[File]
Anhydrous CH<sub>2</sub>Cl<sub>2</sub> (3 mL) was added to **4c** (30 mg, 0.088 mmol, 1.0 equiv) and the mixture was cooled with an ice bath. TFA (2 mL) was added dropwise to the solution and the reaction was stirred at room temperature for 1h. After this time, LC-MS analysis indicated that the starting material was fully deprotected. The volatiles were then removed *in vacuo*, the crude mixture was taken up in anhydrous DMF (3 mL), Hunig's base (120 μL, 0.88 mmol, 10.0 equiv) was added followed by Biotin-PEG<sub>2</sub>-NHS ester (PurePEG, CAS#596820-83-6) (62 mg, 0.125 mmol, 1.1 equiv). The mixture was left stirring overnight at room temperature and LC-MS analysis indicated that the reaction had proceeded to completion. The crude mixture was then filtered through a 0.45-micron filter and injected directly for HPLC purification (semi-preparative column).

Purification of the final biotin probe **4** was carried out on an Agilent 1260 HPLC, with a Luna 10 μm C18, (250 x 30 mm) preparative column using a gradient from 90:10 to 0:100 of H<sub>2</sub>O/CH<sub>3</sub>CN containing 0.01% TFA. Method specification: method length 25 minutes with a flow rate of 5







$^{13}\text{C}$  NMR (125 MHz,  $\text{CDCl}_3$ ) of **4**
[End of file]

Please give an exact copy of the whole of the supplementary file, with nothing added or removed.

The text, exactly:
Anhydrous CH<sub>2</sub>Cl<sub>2</sub> (3 mL) was added to **4c** (30 mg, 0.088 mmol, 1.0 equiv) and the mixture was cooled with an ice bath. TFA (2 mL) was added dropwise to the solution and the reaction was stirred at room temperature for 1h. After this time, LC-MS analysis indicated that the starting material was fully deprotected. The volatiles were then removed *in vacuo*, the crude mixture was taken up in anhydrous DMF (3 mL), Hunig's base (120 μL, 0.88 mmol, 10.0 equiv) was added followed by Biotin-PEG<sub>2</sub>-NHS ester (PurePEG, CAS#596820-83-6) (62 mg, 0.125 mmol, 1.1 equiv). The mixture was left stirring overnight at room temperature and LC-MS analysis indicated that the reaction had proceeded to completion. The crude mixture was then filtered through a 0.45-micron filter and injected directly for HPLC purification (semi-preparative column).

Purification of the final biotin probe **4** was carried out on an Agilent 1260 HPLC, with a Luna 10 μm C18, (250 x 30 mm) preparative column using a gradient from 90:10 to 0:100 of H<sub>2</sub>O/CH<sub>3</sub>CN containing 0.01% TFA. Method specification: method length 25 minutes with a flow rate of 5







$^{13}\text{C}$  NMR (125 MHz,  $\text{CDCl}_3$ ) of **4**